Kudos to MLB Network for a nice innovation during the MLB Showcase telecasts (which the network originates). The idea of a "Scoring Update" on their bottom scroll to recap the scoring in the game they are showing is a nice touch. MLB Network is also experimenting with an additional graphic when batters come up to show how the defense is positioned. With so much more shifting of players these days, this could very well become an added part of baseball telecasts sooner rather than later.
The Nielsen radio ratings for the period of late February into late March are being released this week, with this period not being significant for sports stations.
Of course, the ratings battle in Boston is always significant, with the March ratings showing WBZ-FM Sports Hub now in an overall audience tie (for #6 in the market) with rival WEEI-FM. It seems that WBZ-FM has dropped the most since January although both stations are down since then.
In San Francisco, KNBR came in at #3 overall in the market, and this is before the Giants' regular season began, while KGMZ-FM The Game has dropped roughly 20% since January.
Washington D.C. finds WTEM-AM and WJFK-FM now in a ratings tie, although this is for #19 overall. What makes it interesting is that WTEM rose one-half of a ratings point from February to reach that tie.
In Los Angeles, the sports radio struggle continues across the board. During one of the busiest sports times of the entire year, none of the three sports stations could even muster a "1" rating.
DENVER: It's the end of an era for Denver sports fans and Mile High Radio with the retirement of Irv Brown after 40 years of hosting local sports talk shows at the age of 81. In a wonderful move, the final show aired live from a local restaurant, which drew a big crowd to watch Brown sign-off one final time last week, along with long time co-host Joe Williams.
WASHINGTON D.C.: Here we go again. WTEM ESPN 980 is going back to having a local morning show. Actually, that's a good thing, although other attempts in recent years have failed. Now, the "Morning Blitz" airs with Al Galdi from 5 to 7 AM with the newly teamed Chris Cooley (moved from afternoons) and Kevin Sheehan (moved from Noon to 2 PM) co-hosting from 7 to 11 AM.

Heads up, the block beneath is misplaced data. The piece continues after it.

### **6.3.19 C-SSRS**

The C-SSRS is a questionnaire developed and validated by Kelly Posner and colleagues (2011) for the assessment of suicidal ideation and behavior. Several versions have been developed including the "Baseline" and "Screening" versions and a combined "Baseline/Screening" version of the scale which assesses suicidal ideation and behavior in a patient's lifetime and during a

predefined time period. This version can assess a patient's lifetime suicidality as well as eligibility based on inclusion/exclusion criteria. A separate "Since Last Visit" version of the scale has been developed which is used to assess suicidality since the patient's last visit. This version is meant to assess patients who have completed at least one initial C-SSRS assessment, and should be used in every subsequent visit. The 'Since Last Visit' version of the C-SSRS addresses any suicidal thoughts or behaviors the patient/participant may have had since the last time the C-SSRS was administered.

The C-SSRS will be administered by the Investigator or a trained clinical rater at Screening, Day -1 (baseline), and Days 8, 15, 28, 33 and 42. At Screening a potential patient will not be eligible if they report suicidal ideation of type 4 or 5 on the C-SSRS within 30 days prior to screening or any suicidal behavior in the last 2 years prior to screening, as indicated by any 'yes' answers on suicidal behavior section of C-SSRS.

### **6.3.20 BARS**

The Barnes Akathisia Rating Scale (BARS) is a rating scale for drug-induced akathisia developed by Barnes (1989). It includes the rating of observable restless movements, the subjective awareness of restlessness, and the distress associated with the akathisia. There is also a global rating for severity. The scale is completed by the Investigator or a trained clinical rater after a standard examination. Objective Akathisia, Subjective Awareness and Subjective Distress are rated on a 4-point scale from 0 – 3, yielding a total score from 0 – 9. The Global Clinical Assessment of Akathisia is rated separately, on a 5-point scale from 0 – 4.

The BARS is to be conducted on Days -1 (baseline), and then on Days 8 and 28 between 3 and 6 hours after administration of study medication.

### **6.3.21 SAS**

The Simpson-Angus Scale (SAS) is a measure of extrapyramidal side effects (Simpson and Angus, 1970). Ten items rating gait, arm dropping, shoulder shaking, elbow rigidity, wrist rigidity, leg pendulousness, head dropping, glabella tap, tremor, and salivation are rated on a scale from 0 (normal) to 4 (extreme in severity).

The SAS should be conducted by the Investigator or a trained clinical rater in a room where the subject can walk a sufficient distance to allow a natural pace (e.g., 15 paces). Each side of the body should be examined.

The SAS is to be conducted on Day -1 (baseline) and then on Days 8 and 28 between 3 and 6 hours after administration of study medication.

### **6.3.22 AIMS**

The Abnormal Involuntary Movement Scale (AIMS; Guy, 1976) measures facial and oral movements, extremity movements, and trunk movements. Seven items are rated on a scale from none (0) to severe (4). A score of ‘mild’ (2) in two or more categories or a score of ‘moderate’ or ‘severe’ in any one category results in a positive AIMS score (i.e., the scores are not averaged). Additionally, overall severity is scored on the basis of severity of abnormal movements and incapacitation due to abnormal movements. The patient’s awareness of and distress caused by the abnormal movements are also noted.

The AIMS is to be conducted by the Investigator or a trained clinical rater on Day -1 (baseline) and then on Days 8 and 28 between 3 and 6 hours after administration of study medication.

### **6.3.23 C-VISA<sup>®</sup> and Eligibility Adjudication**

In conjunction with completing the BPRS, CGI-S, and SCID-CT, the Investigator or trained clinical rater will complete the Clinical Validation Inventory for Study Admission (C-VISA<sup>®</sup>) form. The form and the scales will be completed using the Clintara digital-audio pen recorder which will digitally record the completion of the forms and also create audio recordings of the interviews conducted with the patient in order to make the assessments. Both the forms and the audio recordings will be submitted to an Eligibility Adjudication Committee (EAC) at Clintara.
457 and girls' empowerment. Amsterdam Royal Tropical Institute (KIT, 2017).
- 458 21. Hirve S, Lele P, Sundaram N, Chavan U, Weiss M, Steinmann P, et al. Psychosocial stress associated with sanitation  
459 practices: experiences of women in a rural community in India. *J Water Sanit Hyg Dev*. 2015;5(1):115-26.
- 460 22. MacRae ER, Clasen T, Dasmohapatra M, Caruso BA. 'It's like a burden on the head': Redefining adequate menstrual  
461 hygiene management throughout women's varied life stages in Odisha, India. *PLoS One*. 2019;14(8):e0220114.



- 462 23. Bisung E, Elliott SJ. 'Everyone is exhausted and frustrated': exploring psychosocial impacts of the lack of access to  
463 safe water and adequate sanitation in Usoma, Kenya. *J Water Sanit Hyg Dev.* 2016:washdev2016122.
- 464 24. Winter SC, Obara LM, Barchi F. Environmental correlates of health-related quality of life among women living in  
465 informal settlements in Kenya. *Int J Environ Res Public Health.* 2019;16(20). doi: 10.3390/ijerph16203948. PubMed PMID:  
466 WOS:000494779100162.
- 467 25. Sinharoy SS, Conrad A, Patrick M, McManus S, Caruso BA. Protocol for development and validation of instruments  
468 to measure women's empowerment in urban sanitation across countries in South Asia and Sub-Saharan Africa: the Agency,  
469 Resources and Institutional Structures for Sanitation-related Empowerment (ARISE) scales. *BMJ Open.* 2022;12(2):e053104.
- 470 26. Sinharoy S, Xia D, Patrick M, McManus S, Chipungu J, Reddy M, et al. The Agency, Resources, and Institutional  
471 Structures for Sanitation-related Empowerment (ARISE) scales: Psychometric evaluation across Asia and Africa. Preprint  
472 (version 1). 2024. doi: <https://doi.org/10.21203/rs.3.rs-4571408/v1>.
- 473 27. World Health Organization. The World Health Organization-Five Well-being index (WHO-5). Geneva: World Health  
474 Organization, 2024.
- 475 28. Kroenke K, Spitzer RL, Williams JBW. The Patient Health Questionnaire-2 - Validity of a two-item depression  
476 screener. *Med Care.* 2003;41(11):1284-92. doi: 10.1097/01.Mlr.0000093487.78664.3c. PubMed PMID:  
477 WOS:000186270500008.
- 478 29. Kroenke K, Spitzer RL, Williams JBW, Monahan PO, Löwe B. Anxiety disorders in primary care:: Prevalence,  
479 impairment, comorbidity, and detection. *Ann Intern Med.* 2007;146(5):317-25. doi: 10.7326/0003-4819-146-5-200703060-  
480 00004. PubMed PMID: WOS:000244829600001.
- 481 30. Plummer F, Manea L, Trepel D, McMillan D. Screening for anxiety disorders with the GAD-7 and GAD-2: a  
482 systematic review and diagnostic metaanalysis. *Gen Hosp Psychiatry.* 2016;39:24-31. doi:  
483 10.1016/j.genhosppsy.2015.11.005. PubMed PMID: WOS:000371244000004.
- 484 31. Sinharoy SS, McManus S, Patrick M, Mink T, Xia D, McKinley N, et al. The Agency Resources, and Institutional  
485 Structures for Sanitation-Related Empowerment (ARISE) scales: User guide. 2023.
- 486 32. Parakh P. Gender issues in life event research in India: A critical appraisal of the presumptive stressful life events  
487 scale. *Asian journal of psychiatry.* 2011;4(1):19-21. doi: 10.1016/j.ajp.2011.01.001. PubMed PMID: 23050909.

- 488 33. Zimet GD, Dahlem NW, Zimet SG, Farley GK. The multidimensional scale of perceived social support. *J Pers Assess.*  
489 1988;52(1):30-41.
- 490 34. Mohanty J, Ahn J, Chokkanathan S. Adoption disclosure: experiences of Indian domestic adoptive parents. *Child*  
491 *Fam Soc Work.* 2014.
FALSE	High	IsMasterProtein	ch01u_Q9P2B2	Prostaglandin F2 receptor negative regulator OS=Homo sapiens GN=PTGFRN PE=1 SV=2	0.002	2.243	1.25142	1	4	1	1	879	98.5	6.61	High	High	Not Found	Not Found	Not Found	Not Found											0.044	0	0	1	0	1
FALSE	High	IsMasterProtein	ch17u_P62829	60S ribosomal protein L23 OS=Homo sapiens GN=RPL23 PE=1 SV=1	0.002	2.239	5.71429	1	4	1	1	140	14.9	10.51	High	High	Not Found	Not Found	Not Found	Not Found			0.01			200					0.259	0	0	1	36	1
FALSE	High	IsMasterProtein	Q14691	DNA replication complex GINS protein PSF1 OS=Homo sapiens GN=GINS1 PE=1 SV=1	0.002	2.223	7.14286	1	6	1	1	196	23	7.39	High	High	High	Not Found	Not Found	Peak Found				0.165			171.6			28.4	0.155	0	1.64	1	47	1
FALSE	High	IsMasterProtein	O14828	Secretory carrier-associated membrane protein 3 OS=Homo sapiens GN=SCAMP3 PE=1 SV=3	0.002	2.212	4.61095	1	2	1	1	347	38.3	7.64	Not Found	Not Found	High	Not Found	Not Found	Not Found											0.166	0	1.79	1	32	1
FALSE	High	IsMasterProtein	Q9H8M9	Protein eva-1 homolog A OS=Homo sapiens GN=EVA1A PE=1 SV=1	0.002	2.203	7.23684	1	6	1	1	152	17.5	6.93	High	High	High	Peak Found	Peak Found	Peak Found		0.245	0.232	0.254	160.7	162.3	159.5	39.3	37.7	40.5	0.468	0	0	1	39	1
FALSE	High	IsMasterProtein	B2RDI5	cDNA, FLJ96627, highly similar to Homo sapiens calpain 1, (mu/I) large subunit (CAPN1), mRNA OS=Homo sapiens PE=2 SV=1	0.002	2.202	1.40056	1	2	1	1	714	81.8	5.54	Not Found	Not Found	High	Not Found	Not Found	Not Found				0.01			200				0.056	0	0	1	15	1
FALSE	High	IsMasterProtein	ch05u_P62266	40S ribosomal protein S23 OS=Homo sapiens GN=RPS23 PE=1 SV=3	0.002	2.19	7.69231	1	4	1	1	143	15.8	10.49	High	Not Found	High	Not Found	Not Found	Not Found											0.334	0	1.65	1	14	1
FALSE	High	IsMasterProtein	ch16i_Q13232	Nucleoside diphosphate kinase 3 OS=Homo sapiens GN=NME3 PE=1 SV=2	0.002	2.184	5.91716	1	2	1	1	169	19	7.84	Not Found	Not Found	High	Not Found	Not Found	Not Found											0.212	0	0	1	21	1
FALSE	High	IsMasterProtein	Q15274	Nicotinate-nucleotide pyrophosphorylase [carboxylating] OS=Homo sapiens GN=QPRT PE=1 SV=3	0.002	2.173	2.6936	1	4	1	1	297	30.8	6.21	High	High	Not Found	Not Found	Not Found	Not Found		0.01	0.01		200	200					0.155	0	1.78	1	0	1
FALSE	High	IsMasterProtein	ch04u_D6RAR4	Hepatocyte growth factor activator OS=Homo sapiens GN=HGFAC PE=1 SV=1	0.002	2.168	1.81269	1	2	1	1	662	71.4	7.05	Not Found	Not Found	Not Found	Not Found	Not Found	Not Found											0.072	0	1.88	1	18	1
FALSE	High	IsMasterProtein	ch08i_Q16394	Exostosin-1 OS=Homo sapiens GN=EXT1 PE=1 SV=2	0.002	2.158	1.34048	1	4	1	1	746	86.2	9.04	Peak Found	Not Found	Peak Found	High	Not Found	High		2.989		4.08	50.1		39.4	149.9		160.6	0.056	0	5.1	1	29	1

The station is moving its afternoon drive show, known as "The Sports Reporters" airs from 4 to 7 PM and is co-hosted by Steve Czaban and Andy Pollin. These shows will also air on WWXT 92.7 Prince Frederick and WWXX Buckland (VA) 94.3.
NEW ORLEANS: Sorry to learn of the passing on Monday of Hokie Gajan, who was the Saints' radio analyst since 2000. The former LSU and Saints running back died of cancer at the age of 56.
CLEVELAND: The Fan 92.3 has officially terminated the contract of J.G. Spooner following his arrest last week and subsequent court appearance resulting from theft of several thousand dollars from a fund raising campaign he had helped to start. The station hopes to have a replacement within the next three weeks.
KANSAS CITY: In a nice touch, the Royals TV on Fox Sports has begun its Sunday home games segment of "Sundays With Denny", during which long time team voice Denny Matthews visits the booth for part of the telecasts. This past Sunday (4/10), Matthews joined Ryan Lefebvre and Rex Hudler during the 6th and 7th innings, including conversation and Royals trivia.
HOUSTON: In another nice touch to honor a long time broadcaster, the Astros held a ceremony to rename their Press Box in honor of the late Milo Hamilton, who, of course, broadcast the Astros on radio for 25 years and had passed away last fall.